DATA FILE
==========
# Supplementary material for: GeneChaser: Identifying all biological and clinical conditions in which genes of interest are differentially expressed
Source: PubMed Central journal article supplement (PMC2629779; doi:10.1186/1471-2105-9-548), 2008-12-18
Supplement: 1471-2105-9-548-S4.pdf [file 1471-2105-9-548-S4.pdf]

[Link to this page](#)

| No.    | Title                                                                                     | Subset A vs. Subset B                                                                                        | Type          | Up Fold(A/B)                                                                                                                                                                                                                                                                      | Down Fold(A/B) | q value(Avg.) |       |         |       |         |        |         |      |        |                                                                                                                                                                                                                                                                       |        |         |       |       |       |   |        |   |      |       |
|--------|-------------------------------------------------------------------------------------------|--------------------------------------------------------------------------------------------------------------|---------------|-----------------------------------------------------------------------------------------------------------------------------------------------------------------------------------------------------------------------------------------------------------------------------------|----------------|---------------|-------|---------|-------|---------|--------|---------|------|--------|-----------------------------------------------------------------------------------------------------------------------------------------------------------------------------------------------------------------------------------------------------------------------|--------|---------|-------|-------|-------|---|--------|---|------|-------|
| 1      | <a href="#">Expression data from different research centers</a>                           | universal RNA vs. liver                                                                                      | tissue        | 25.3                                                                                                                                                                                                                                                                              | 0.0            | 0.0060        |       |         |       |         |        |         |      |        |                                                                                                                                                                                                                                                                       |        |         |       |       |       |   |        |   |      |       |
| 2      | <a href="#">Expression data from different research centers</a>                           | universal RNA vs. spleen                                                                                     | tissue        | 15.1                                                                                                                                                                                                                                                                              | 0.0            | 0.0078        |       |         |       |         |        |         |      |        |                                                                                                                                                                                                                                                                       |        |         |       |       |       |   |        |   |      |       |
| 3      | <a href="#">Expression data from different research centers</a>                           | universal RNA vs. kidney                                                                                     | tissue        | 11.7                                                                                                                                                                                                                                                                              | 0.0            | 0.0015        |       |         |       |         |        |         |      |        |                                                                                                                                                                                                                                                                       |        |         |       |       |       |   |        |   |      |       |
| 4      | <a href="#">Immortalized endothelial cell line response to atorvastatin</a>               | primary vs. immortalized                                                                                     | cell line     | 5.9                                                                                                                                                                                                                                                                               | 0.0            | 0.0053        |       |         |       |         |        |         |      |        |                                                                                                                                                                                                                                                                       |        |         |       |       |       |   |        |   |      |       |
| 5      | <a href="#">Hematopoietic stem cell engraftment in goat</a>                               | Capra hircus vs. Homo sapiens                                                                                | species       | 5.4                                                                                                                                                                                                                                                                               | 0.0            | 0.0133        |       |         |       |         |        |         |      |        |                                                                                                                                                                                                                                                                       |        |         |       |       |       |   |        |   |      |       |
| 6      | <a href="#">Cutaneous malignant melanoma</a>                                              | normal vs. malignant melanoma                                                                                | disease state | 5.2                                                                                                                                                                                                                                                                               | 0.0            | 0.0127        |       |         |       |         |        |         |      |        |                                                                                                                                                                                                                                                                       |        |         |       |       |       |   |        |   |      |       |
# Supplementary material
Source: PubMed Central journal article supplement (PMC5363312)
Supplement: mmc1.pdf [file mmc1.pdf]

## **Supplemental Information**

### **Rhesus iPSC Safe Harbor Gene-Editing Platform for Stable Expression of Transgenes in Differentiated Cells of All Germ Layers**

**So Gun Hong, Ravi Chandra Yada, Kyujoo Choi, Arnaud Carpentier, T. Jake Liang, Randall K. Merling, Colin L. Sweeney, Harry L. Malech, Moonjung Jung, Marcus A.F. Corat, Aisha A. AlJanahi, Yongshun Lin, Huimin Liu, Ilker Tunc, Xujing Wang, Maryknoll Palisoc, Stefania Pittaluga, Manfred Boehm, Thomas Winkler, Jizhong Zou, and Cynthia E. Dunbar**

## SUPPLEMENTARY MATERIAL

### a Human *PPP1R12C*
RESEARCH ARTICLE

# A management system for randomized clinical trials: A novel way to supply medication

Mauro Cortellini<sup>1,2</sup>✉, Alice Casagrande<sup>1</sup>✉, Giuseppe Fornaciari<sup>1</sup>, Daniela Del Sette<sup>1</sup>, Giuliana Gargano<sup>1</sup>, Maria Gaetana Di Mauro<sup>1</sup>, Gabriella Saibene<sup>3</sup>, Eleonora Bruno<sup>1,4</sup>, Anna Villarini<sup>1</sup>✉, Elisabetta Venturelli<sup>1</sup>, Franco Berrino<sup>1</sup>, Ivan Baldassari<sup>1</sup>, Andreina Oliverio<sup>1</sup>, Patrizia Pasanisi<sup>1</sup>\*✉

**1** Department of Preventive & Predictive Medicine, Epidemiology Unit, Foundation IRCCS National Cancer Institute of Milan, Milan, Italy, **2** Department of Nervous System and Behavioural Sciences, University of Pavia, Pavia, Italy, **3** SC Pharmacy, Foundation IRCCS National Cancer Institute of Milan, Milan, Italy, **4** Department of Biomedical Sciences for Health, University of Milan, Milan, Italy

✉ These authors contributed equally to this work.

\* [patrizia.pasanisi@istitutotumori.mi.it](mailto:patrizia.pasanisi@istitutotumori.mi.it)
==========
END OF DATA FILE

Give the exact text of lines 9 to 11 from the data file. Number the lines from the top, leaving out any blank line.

| 3      | <a href="#">Expression data from different research centers</a>                           | universal RNA vs. kidney                                                                                     | tissue        | 11.7                                                                                                                                                                                                                                                                              | 0.0            | 0.0015        |       |         |       |         |        |         |      |        |                                                                                                                                                                                                                                                                       |        |         |       |       |       |   |        |   |      |       |
| 4      | <a href="#">Immortalized endothelial cell line response to atorvastatin</a>               | primary vs. immortalized                                                                                     | cell line     | 5.9                                                                                                                                                                                                                                                                               | 0.0            | 0.0053        |       |         |       |         |        |         |      |        |                                                                                                                                                                                                                                                                       |        |         |       |       |       |   |        |   |      |       |
| 5      | <a href="#">Hematopoietic stem cell engraftment in goat</a>                               | Capra hircus vs. Homo sapiens                                                                                | species       | 5.4                                                                                                                                                                                                                                                                               | 0.0            | 0.0133        |       |         |       |         |        |         |      |        |                                                                                                                                                                                                                                                                       |        |         |       |       |       |   |        |   |      |       |